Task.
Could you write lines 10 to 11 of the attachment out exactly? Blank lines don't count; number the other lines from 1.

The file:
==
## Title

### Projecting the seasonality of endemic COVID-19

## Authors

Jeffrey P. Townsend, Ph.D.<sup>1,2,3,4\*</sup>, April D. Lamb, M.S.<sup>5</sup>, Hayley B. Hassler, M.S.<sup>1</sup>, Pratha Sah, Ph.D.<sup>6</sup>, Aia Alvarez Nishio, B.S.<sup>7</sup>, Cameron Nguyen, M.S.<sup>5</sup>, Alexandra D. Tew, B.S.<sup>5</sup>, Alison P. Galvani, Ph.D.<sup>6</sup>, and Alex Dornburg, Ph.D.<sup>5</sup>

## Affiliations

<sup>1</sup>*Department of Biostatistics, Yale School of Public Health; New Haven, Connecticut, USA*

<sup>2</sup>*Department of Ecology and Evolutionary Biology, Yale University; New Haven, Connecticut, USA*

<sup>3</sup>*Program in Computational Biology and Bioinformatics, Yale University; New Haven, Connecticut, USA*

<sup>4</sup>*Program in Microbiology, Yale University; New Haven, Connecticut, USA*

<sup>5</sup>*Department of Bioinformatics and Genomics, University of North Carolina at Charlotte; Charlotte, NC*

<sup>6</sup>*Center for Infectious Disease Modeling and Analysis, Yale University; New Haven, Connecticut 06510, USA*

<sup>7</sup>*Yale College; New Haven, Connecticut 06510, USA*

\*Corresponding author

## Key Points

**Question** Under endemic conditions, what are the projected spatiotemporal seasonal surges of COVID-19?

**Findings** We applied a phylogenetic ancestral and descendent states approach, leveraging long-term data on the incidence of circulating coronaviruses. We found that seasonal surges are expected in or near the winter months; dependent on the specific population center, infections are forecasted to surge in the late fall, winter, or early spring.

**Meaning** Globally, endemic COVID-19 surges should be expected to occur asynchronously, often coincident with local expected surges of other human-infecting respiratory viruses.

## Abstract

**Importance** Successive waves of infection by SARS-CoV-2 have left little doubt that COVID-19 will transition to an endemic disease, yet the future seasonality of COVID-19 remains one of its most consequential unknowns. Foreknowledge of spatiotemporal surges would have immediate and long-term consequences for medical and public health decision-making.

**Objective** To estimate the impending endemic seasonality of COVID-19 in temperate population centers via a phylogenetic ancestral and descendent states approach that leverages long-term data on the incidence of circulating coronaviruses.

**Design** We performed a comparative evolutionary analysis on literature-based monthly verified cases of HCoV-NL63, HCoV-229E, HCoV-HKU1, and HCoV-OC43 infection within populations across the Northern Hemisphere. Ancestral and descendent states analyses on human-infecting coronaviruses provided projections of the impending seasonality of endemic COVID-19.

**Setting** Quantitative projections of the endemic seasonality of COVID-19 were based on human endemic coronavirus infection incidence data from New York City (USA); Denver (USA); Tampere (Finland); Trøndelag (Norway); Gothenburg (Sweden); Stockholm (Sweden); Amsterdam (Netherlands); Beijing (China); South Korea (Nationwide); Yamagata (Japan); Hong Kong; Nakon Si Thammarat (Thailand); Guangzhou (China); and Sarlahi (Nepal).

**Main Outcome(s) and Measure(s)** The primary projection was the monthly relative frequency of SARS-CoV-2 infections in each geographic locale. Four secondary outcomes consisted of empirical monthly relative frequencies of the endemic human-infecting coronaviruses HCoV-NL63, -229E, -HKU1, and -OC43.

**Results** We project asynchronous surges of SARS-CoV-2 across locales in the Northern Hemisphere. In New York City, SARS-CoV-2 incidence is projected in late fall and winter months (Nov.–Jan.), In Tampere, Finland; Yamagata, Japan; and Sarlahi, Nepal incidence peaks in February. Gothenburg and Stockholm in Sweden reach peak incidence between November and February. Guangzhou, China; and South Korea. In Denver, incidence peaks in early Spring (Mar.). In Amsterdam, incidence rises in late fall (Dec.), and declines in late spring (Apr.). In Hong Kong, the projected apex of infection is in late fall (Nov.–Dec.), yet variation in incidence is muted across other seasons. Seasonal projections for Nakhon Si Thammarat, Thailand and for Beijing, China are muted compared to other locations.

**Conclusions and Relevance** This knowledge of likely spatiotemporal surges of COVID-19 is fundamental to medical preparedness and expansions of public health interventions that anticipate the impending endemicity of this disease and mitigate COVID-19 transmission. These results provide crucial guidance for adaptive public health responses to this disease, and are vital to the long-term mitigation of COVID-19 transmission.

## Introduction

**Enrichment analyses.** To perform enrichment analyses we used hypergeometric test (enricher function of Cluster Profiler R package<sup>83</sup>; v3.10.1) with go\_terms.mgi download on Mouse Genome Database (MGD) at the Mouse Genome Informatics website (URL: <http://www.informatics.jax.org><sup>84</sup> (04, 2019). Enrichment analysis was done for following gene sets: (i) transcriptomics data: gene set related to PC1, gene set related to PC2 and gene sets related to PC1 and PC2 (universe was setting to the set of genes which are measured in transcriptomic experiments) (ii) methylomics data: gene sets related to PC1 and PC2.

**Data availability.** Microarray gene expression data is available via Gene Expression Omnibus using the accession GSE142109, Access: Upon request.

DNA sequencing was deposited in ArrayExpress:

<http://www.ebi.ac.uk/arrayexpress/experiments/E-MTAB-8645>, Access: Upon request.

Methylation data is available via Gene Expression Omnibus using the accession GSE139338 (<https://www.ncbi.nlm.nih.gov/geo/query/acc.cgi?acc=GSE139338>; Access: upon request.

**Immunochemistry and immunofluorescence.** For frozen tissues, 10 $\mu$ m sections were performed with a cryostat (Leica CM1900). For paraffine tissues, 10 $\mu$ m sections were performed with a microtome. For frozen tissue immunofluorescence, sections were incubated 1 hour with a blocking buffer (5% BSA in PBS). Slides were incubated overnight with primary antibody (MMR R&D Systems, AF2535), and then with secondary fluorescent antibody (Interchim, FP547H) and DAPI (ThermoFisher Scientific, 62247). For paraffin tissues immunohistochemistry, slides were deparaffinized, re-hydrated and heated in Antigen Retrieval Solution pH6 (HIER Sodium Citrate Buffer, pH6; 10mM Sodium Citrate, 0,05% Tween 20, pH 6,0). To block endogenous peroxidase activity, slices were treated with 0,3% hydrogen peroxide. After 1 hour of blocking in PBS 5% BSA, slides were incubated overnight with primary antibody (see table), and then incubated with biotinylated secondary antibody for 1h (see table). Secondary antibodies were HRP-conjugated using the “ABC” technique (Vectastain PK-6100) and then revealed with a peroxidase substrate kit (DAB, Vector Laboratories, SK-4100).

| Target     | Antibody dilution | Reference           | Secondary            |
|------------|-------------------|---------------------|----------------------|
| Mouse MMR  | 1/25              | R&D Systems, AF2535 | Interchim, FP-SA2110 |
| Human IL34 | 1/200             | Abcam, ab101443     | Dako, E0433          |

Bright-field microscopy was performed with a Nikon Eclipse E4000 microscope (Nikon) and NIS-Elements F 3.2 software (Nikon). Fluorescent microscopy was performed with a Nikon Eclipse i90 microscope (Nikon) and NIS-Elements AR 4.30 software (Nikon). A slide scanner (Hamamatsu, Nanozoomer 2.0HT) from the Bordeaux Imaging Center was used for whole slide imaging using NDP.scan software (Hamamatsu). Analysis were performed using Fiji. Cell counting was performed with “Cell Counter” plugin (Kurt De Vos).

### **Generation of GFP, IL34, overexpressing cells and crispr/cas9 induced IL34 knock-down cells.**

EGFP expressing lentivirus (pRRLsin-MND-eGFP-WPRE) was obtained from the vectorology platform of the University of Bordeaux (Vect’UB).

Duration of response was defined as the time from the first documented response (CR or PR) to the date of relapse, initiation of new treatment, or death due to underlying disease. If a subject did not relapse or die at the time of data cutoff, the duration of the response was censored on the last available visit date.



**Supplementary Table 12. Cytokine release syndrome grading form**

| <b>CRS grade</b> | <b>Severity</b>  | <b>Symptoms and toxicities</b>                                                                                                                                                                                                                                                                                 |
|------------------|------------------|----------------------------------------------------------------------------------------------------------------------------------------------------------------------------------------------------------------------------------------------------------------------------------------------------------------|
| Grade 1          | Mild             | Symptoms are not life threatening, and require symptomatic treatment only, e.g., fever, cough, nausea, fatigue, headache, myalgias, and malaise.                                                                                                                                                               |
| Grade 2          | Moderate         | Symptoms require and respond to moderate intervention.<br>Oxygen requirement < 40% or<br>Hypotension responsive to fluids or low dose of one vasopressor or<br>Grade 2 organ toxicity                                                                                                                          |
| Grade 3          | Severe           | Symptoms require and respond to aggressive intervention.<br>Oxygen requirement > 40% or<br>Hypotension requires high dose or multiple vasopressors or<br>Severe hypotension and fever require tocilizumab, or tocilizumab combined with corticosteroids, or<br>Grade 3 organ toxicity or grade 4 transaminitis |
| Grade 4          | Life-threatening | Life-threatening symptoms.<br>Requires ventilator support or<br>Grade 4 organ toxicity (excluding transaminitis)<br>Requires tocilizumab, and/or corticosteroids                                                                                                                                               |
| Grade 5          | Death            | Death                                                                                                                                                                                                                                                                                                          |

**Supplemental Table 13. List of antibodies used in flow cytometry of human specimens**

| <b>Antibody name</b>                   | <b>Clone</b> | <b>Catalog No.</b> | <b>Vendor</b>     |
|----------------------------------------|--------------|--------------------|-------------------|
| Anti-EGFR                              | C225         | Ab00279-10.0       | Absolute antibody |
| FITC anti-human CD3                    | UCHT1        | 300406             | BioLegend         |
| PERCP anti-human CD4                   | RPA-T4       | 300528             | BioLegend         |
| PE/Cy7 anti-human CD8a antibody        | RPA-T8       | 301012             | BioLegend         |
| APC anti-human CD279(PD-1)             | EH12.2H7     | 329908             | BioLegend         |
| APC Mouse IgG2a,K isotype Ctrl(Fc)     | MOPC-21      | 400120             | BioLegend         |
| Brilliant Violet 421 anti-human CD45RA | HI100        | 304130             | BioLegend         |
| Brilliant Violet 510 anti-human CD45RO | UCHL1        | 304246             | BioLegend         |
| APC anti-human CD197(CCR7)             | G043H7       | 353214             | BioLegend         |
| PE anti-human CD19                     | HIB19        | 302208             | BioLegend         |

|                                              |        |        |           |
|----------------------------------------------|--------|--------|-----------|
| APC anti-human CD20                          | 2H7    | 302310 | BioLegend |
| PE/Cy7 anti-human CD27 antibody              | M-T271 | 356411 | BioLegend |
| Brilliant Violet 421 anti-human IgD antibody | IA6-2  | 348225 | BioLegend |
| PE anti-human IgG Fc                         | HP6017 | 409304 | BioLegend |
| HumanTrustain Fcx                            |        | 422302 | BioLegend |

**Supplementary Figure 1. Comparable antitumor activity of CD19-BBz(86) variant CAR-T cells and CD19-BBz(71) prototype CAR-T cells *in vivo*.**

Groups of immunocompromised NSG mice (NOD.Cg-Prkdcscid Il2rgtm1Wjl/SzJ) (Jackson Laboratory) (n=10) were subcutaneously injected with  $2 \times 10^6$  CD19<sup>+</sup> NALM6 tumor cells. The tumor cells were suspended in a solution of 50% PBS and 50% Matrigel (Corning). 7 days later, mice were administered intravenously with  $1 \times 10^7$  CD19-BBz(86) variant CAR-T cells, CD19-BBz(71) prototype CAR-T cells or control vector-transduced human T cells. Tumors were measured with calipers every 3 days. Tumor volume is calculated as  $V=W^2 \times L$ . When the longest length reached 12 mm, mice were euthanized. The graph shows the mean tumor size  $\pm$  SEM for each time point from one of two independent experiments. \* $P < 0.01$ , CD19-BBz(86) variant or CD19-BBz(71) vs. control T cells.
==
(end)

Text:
<sup>5</sup>*Department of Bioinformatics and Genomics, University of North Carolina at Charlotte; Charlotte, NC*

<sup>6</sup>*Center for Infectious Disease Modeling and Analysis, Yale University; New Haven, Connecticut 06510, USA*